New York Times on regulating herbal remedies


#1

The excerpt below appeared in the 23 February 2003 New York Times Sports section.

http://www.nytimes.com/2003/02/23/sports/23DRUG.html

Its focus is the deadly herbal drug ephedra, but the comments sum up the consumer issues behind herbal “hair inhibitors” as well:

</font><blockquote><font size="1" face="Verdana, Helvetica, sans-serif">quote:</font><hr /><font size="2" face="Verdana, Helvetica, sans-serif">Herbal products are primarily used as medicines and should be regulated as over-the-counter drugs. Their designation as dietary supplements is a legal fiction. Manufacturers of over-the-counter products are required to take responsibility for the potency and purity of their products, base health claims on scientific evidence, provide appropriate warnings about possible adverse effects and immediately report adverse effects to the F.D.A. Why should manufacturers of herbal products be held to lesser standards?

According to a recent survey, the American public overwhelmingly supports the idea of new regulations that would require the F.D.A. to review the safety of new dietary supplements before their sale. That would give increased authority to the F.D.A. to remove unsafe products from the market, and that would regulate advertising claims about the health benefits of dietary supplements.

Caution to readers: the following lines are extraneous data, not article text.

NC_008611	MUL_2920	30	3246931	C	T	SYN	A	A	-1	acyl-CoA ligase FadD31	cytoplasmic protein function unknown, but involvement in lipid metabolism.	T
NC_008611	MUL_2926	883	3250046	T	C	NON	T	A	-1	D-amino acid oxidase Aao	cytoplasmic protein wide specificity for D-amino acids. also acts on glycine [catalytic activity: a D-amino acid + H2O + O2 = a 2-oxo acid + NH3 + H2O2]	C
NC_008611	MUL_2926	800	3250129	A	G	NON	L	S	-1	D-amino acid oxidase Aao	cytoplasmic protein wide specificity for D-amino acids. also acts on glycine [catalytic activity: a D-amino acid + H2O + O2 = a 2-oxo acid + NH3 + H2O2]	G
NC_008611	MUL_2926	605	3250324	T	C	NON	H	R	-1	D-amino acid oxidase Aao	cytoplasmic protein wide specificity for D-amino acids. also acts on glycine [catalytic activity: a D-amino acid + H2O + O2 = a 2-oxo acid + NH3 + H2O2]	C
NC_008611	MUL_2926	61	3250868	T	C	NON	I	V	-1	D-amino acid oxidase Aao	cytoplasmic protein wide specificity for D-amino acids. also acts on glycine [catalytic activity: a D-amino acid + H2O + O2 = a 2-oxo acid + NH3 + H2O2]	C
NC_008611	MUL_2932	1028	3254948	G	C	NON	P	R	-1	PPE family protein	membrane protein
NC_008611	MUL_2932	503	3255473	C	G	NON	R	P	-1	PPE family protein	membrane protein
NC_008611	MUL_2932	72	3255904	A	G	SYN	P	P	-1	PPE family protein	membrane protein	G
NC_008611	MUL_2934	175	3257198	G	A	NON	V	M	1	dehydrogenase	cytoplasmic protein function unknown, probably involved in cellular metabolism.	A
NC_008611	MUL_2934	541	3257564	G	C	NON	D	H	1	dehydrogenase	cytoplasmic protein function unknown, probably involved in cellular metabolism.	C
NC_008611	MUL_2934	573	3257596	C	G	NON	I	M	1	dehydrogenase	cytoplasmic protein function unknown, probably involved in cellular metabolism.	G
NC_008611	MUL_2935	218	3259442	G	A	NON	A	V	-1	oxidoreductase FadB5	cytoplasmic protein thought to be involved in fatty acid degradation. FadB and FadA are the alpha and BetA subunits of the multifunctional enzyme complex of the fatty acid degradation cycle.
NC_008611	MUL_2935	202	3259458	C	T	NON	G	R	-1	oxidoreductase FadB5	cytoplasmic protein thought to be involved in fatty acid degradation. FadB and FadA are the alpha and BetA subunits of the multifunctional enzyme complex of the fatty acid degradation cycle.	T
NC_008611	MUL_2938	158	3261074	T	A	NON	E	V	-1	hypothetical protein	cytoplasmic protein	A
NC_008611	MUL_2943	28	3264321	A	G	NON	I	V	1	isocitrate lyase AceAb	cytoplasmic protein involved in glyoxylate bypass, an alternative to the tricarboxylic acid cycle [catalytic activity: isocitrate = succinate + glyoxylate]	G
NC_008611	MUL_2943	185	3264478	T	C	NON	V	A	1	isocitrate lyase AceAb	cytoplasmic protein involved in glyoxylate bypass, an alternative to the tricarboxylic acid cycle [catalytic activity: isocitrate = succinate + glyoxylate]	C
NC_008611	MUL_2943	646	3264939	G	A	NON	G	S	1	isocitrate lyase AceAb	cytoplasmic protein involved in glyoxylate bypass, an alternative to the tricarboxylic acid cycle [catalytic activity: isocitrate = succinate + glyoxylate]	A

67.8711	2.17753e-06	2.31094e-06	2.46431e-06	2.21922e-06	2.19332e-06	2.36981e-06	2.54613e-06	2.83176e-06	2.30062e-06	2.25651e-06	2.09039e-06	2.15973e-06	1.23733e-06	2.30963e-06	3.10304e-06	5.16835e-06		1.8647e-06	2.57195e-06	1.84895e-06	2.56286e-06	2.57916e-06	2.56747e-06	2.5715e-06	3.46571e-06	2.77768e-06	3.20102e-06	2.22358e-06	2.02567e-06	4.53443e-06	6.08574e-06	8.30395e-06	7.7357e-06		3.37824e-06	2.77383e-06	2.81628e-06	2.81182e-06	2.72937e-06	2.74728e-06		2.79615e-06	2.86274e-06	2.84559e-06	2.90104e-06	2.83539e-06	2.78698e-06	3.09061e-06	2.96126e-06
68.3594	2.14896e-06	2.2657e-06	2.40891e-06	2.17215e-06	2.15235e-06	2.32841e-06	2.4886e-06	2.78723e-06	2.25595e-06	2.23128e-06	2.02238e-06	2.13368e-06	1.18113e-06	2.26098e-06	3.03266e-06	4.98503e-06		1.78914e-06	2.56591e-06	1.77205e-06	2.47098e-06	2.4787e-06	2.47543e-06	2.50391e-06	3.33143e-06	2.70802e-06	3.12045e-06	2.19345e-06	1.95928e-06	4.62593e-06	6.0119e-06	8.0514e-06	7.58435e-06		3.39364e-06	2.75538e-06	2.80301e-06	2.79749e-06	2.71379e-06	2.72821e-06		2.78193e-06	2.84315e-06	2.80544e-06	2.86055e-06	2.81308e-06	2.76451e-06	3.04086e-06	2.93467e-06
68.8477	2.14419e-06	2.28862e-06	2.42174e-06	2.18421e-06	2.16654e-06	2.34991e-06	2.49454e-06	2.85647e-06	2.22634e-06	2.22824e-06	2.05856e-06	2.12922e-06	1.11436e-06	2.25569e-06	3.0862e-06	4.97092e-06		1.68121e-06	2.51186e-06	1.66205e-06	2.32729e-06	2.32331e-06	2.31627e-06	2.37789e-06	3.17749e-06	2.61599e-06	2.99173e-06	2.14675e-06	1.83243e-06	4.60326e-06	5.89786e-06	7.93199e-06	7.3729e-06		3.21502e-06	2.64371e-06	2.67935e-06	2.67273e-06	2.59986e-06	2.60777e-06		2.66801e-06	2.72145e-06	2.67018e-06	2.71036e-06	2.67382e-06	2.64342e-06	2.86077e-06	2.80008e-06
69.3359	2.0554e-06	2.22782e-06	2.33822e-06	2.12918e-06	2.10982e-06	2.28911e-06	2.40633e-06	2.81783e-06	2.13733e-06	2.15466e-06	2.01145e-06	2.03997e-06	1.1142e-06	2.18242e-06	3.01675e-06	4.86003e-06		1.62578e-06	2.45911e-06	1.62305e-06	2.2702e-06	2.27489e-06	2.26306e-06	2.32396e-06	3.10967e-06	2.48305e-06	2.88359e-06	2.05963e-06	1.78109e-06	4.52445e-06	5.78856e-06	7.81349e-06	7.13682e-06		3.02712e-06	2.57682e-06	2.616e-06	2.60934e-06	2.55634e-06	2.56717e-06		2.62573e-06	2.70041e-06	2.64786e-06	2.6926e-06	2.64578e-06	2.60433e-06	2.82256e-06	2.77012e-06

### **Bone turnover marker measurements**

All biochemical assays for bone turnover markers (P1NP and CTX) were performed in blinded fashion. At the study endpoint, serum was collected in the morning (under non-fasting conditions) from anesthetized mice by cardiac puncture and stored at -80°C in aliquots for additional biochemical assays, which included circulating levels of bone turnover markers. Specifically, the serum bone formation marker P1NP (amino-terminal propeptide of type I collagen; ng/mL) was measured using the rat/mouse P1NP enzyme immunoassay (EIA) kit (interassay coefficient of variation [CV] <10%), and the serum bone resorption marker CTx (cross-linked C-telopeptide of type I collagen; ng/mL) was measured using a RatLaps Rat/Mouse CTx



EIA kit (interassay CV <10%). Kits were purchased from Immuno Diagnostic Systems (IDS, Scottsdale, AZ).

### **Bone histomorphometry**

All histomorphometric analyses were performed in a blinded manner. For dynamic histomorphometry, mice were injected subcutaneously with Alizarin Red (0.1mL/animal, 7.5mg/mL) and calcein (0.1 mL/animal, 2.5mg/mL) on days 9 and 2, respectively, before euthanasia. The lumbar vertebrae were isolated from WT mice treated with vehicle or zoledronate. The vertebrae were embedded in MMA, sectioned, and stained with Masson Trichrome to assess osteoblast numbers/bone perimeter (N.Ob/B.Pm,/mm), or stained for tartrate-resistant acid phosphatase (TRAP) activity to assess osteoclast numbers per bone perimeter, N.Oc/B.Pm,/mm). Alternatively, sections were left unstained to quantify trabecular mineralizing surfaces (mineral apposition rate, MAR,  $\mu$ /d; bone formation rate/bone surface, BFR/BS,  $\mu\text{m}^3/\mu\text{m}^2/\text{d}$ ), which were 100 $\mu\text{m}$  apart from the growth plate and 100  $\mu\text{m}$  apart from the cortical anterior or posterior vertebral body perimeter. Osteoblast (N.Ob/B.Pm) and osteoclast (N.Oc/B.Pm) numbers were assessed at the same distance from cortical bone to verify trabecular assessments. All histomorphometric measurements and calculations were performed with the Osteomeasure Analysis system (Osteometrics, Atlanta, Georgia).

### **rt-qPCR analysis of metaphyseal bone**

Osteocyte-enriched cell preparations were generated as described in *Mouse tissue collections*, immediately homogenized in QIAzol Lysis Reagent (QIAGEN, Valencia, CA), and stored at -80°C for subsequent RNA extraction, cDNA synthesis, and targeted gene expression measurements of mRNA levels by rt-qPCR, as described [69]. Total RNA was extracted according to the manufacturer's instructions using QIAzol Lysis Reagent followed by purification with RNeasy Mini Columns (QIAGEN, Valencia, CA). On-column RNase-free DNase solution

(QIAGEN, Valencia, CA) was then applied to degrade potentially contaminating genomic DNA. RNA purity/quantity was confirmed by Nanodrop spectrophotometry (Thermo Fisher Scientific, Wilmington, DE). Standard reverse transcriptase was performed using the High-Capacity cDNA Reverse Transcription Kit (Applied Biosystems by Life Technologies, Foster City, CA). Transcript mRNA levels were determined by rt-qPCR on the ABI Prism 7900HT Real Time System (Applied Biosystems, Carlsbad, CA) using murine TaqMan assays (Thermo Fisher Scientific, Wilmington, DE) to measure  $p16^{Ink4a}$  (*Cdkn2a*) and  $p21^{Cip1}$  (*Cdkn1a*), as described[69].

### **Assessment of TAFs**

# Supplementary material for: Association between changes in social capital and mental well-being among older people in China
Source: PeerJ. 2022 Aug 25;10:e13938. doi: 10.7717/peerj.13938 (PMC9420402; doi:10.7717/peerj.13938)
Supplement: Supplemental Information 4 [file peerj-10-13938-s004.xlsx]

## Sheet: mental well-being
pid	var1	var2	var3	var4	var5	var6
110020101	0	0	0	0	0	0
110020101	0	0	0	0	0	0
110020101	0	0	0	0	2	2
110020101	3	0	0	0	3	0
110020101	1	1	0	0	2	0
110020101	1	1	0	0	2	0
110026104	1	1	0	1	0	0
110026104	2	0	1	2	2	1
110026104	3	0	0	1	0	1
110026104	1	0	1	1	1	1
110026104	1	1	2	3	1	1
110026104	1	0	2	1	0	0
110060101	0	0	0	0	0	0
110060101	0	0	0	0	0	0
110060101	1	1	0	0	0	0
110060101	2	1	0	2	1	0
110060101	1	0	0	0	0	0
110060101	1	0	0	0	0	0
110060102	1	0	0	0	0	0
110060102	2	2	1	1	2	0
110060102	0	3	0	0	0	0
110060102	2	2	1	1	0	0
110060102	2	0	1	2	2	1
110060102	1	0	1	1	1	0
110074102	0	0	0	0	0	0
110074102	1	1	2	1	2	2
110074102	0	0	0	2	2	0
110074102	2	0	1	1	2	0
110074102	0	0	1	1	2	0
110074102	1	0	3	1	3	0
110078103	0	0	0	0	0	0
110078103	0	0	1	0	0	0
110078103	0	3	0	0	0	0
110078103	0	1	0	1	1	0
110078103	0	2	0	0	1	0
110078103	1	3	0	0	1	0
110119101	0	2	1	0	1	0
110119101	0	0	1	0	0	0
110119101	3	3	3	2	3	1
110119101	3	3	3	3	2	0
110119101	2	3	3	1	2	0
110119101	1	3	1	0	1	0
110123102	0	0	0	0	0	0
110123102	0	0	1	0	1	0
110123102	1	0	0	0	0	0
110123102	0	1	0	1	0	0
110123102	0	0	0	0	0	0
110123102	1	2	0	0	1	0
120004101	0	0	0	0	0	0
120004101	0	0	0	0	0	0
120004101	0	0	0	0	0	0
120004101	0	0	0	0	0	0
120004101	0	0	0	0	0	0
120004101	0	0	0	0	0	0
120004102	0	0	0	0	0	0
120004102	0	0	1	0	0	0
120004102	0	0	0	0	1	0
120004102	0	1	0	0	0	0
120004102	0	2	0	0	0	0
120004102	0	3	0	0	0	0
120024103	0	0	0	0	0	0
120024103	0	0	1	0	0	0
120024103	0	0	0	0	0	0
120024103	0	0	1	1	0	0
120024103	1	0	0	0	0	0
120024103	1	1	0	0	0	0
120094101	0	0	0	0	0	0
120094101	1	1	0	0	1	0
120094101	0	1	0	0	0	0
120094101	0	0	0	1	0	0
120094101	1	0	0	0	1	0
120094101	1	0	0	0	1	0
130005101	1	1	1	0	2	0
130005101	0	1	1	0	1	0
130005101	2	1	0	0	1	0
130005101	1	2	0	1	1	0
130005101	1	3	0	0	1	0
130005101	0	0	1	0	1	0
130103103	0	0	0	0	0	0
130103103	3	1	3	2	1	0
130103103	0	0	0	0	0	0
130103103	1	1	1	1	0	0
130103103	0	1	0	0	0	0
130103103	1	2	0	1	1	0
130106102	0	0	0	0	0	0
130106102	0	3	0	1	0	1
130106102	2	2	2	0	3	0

Continued delay by the federal government is costing lives. </font><hr /></blockquote><font size=“2” face=“Verdana, Helvetica, sans-serif”>

[ February 23, 2003, 08:53 AM: Message edited by: Andrea ]


#2

This is one of those things that worries me because some regulation needs to be done, but the U.S. government seems to have no mode between ‘no regulation’ and ‘over-regulation’.

The problem with ephedra is that it does work, for some people. It kills others. If it isn’t pulled from the market entirely, or made prescription-only, it at least needs a big huge warning label. (And possibly a liability waiver on purchase.)

But for hair-removal/inhibition kind of stuff? Alas, all it’d mean is a slight change of wording like all the herbal dietary supplements use now, and that wouldn’t really change much.


#3

I feel the hair inhibitors claim to change structures in the body, which makes them drugs. I also feel they are making health claims when they say they can regulate hirsutism. Both of thiese reasons should make them subject to FDA regulation. Right now they get away with claims they are cosmetics, but that will probably change in upcoming years as FDA deals with preparations that straddle the fence.

I am pushing for FDA to require the same thing they require on dietary supplements: “The FDA has not evaluated these claims and this product has not be cleared to treat any symptom or disease.”

These hair inhibitors are probably safe; it’s the unregulated health claims that need to be addressed.